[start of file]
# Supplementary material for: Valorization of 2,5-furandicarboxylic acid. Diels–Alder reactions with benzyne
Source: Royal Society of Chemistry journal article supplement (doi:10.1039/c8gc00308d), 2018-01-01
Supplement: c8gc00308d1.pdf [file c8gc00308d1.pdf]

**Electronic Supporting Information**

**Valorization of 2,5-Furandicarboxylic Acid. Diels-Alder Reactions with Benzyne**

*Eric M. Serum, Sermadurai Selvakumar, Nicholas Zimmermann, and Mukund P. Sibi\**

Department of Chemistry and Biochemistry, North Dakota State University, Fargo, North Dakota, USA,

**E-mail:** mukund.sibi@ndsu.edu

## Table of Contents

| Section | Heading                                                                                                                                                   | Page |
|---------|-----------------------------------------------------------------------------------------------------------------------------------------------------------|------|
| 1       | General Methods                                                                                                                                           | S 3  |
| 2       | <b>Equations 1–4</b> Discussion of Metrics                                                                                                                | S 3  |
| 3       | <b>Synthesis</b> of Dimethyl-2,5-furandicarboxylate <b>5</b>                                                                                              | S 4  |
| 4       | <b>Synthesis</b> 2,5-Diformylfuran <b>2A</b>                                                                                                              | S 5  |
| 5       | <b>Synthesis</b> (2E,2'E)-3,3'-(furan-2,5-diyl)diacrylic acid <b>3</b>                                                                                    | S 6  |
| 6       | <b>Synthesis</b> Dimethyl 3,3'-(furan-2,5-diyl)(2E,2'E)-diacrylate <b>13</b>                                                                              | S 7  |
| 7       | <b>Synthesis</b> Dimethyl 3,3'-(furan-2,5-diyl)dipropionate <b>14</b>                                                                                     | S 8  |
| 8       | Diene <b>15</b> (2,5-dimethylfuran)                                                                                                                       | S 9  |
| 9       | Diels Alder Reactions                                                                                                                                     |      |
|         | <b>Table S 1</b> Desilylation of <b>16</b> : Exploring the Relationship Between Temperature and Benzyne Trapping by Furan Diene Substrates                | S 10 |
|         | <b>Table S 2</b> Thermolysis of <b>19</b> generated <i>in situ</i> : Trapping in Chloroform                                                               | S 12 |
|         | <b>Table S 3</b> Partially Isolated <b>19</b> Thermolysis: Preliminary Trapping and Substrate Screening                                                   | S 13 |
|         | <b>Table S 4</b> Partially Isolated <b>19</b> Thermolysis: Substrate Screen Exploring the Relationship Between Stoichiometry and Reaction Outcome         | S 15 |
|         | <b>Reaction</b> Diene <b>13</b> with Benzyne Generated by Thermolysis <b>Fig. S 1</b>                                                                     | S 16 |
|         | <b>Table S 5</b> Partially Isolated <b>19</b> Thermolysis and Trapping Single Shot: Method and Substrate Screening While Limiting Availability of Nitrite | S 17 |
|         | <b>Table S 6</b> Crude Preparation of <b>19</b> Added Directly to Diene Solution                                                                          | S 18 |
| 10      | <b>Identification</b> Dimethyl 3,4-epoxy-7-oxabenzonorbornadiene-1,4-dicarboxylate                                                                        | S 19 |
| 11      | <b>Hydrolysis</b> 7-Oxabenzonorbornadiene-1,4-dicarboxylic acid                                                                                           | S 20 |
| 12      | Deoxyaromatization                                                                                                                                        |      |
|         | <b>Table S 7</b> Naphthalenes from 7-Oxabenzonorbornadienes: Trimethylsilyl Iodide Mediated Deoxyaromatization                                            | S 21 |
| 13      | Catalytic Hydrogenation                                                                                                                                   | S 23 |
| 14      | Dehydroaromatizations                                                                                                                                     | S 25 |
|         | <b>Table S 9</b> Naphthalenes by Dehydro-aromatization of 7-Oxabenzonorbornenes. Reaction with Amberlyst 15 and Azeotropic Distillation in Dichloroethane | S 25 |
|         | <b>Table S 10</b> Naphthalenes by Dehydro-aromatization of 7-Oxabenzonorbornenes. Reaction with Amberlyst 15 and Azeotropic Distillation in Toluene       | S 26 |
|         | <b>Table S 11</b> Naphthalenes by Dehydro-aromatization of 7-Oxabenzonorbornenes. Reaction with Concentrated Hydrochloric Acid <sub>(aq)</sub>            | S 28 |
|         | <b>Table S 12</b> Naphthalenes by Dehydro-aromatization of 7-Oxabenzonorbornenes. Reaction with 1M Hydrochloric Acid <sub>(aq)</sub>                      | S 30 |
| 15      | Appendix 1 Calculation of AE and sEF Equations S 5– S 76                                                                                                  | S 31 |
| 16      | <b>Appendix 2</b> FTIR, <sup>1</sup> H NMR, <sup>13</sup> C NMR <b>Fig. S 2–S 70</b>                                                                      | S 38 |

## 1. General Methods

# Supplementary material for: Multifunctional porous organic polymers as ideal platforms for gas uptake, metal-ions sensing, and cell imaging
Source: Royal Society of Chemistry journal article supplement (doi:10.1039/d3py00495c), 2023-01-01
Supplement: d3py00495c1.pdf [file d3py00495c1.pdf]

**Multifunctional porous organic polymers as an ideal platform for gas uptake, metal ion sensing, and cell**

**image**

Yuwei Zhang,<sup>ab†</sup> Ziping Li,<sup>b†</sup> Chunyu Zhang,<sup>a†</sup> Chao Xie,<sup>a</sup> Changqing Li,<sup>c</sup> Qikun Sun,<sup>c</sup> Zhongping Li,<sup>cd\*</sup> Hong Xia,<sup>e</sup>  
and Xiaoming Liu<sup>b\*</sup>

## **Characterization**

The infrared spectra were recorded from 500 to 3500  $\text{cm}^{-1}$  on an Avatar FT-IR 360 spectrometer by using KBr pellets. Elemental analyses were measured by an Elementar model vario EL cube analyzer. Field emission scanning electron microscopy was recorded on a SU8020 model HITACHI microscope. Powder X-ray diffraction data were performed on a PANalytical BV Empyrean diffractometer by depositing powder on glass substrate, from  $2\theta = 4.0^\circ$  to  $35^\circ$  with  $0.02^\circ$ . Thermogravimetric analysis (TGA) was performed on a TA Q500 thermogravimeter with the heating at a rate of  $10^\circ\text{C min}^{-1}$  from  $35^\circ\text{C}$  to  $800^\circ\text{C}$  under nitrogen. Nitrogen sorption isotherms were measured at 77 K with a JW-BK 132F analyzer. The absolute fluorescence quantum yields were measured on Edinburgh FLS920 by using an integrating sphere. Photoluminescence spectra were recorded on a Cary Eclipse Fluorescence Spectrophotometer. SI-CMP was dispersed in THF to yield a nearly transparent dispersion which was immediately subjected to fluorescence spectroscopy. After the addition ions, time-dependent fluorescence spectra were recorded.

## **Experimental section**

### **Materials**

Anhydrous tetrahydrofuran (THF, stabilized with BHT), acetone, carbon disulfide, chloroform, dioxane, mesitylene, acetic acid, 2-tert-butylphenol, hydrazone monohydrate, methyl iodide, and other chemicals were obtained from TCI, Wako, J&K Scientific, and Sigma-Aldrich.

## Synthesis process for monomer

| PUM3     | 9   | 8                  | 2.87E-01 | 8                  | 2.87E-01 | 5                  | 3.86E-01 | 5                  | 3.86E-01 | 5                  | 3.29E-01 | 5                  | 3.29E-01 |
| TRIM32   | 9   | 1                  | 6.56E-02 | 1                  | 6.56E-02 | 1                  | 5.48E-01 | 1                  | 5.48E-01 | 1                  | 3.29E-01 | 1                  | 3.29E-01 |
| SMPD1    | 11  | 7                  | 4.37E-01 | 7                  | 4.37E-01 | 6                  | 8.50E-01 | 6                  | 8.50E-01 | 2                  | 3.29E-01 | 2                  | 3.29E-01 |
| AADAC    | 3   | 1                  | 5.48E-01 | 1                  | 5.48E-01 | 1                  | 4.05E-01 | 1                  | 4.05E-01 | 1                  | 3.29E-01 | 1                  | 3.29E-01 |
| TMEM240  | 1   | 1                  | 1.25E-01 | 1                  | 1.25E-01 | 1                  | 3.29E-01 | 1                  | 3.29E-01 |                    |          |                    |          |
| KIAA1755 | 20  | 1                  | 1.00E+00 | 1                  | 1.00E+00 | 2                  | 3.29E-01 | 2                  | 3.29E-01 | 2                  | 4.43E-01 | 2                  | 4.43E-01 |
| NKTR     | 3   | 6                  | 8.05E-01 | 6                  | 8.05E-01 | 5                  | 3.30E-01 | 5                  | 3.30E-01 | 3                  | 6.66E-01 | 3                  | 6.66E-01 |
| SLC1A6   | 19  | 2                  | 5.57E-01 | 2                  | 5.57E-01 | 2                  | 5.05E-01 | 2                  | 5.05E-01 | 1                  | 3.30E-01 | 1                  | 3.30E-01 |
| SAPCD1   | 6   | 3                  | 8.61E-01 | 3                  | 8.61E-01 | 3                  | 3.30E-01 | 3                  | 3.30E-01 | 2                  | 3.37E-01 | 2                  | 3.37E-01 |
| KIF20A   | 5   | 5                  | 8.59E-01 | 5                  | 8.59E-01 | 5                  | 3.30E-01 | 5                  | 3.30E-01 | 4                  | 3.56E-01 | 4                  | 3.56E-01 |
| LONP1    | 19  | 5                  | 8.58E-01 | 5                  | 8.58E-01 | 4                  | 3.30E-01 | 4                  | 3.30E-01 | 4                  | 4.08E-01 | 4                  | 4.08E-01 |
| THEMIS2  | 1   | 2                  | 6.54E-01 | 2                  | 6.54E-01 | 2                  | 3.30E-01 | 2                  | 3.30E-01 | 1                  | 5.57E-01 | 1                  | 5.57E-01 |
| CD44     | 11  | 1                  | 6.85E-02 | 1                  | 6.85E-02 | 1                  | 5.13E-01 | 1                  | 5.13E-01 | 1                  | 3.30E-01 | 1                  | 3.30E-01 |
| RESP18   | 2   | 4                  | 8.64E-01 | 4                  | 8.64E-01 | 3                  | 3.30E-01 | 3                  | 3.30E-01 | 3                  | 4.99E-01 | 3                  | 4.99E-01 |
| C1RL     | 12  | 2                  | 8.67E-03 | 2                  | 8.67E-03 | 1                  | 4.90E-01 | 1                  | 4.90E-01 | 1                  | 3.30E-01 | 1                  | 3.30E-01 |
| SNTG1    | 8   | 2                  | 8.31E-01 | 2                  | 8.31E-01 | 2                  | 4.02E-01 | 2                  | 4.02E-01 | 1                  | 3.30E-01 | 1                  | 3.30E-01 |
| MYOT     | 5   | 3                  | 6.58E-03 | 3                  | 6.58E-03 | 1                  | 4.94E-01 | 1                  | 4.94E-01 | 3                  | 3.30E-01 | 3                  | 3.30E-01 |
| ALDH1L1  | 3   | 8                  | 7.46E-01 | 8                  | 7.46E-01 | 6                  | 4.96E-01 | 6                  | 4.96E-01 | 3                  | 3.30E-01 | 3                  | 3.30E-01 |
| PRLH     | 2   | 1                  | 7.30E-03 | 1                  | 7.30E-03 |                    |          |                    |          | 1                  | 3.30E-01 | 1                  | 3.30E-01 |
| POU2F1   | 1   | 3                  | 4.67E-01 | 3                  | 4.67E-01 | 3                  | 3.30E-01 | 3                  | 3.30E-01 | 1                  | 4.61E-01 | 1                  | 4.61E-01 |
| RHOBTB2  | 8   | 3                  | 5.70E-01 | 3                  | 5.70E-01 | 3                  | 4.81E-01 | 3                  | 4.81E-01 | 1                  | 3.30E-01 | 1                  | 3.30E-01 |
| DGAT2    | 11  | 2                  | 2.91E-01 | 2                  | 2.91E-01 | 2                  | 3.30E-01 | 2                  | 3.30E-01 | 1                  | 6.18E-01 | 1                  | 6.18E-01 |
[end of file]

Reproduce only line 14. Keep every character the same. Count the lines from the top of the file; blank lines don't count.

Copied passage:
| 3       | <b>Synthesis</b> of Dimethyl-2,5-furandicarboxylate <b>5</b>                                                                                              | S 4  |